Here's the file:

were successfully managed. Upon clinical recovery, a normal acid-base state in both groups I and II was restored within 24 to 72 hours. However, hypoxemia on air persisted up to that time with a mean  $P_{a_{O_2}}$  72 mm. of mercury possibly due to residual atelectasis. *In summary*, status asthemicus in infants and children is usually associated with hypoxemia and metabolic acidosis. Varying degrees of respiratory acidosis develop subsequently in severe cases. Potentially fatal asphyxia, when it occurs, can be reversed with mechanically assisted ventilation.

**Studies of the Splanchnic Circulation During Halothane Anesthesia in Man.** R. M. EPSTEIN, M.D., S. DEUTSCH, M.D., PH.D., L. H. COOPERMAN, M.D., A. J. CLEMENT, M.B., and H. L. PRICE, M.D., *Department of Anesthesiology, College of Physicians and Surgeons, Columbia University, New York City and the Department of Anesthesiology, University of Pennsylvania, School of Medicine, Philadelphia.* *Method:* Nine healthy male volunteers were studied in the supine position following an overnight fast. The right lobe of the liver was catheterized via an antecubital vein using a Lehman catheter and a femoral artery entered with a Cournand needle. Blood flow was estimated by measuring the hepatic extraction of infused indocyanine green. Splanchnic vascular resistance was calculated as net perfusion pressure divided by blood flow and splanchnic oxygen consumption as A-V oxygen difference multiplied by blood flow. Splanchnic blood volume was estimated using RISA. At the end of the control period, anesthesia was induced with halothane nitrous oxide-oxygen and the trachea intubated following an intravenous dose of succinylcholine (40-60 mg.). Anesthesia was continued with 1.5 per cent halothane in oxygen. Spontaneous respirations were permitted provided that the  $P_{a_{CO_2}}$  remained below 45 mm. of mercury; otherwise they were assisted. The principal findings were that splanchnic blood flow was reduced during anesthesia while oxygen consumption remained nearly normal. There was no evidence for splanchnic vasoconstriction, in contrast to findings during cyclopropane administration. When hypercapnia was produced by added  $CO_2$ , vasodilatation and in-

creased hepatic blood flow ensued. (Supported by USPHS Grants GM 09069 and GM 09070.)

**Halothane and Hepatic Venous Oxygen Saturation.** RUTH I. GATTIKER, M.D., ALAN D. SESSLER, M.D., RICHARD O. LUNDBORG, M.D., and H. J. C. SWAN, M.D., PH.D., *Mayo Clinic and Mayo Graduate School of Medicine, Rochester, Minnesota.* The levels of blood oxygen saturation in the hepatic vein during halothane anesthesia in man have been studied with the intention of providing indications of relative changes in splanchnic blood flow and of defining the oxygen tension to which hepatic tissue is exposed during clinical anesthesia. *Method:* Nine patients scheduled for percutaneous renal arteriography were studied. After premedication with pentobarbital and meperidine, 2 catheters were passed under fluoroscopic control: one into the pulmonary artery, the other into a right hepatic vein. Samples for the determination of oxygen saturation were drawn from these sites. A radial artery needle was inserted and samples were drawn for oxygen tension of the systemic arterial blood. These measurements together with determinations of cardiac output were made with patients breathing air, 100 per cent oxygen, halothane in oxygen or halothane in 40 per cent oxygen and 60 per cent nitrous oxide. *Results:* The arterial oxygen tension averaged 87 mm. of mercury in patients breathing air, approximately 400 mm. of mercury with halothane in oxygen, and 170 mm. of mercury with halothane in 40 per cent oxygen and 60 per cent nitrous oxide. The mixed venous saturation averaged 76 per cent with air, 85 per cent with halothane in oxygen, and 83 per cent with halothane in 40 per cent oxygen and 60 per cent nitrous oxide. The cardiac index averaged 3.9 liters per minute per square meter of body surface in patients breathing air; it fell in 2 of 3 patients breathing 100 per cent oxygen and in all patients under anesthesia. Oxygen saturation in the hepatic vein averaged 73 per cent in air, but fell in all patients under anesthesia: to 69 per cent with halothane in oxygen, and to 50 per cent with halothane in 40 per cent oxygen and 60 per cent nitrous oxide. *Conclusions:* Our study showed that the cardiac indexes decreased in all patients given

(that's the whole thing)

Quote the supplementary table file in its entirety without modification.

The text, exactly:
were successfully managed. Upon clinical recovery, a normal acid-base state in both groups I and II was restored within 24 to 72 hours. However, hypoxemia on air persisted up to that time with a mean  $P_{a_{O_2}}$  72 mm. of mercury possibly due to residual atelectasis. *In summary*, status asthemicus in infants and children is usually associated with hypoxemia and metabolic acidosis. Varying degrees of respiratory acidosis develop subsequently in severe cases. Potentially fatal asphyxia, when it occurs, can be reversed with mechanically assisted ventilation.

**Studies of the Splanchnic Circulation During Halothane Anesthesia in Man.** R. M. EPSTEIN, M.D., S. DEUTSCH, M.D., PH.D., L. H. COOPERMAN, M.D., A. J. CLEMENT, M.B., and H. L. PRICE, M.D., *Department of Anesthesiology, College of Physicians and Surgeons, Columbia University, New York City and the Department of Anesthesiology, University of Pennsylvania, School of Medicine, Philadelphia.* *Method:* Nine healthy male volunteers were studied in the supine position following an overnight fast. The right lobe of the liver was catheterized via an antecubital vein using a Lehman catheter and a femoral artery entered with a Cournand needle. Blood flow was estimated by measuring the hepatic extraction of infused indocyanine green. Splanchnic vascular resistance was calculated as net perfusion pressure divided by blood flow and splanchnic oxygen consumption as A-V oxygen difference multiplied by blood flow. Splanchnic blood volume was estimated using RISA. At the end of the control period, anesthesia was induced with halothane nitrous oxide-oxygen and the trachea intubated following an intravenous dose of succinylcholine (40-60 mg.). Anesthesia was continued with 1.5 per cent halothane in oxygen. Spontaneous respirations were permitted provided that the  $P_{a_{CO_2}}$  remained below 45 mm. of mercury; otherwise they were assisted. The principal findings were that splanchnic blood flow was reduced during anesthesia while oxygen consumption remained nearly normal. There was no evidence for splanchnic vasoconstriction, in contrast to findings during cyclopropane administration. When hypercapnia was produced by added  $CO_2$ , vasodilatation and in-

creased hepatic blood flow ensued. (Supported by USPHS Grants GM 09069 and GM 09070.)

**Halothane and Hepatic Venous Oxygen Saturation.** RUTH I. GATTIKER, M.D., ALAN D. SESSLER, M.D., RICHARD O. LUNDBORG, M.D., and H. J. C. SWAN, M.D., PH.D., *Mayo Clinic and Mayo Graduate School of Medicine, Rochester, Minnesota.* The levels of blood oxygen saturation in the hepatic vein during halothane anesthesia in man have been studied with the intention of providing indications of relative changes in splanchnic blood flow and of defining the oxygen tension to which hepatic tissue is exposed during clinical anesthesia. *Method:* Nine patients scheduled for percutaneous renal arteriography were studied. After premedication with pentobarbital and meperidine, 2 catheters were passed under fluoroscopic control: one into the pulmonary artery, the other into a right hepatic vein. Samples for the determination of oxygen saturation were drawn from these sites. A radial artery needle was inserted and samples were drawn for oxygen tension of the systemic arterial blood. These measurements together with determinations of cardiac output were made with patients breathing air, 100 per cent oxygen, halothane in oxygen or halothane in 40 per cent oxygen and 60 per cent nitrous oxide. *Results:* The arterial oxygen tension averaged 87 mm. of mercury in patients breathing air, approximately 400 mm. of mercury with halothane in oxygen, and 170 mm. of mercury with halothane in 40 per cent oxygen and 60 per cent nitrous oxide. The mixed venous saturation averaged 76 per cent with air, 85 per cent with halothane in oxygen, and 83 per cent with halothane in 40 per cent oxygen and 60 per cent nitrous oxide. The cardiac index averaged 3.9 liters per minute per square meter of body surface in patients breathing air; it fell in 2 of 3 patients breathing 100 per cent oxygen and in all patients under anesthesia. Oxygen saturation in the hepatic vein averaged 73 per cent in air, but fell in all patients under anesthesia: to 69 per cent with halothane in oxygen, and to 50 per cent with halothane in 40 per cent oxygen and 60 per cent nitrous oxide. *Conclusions:* Our study showed that the cardiac indexes decreased in all patients given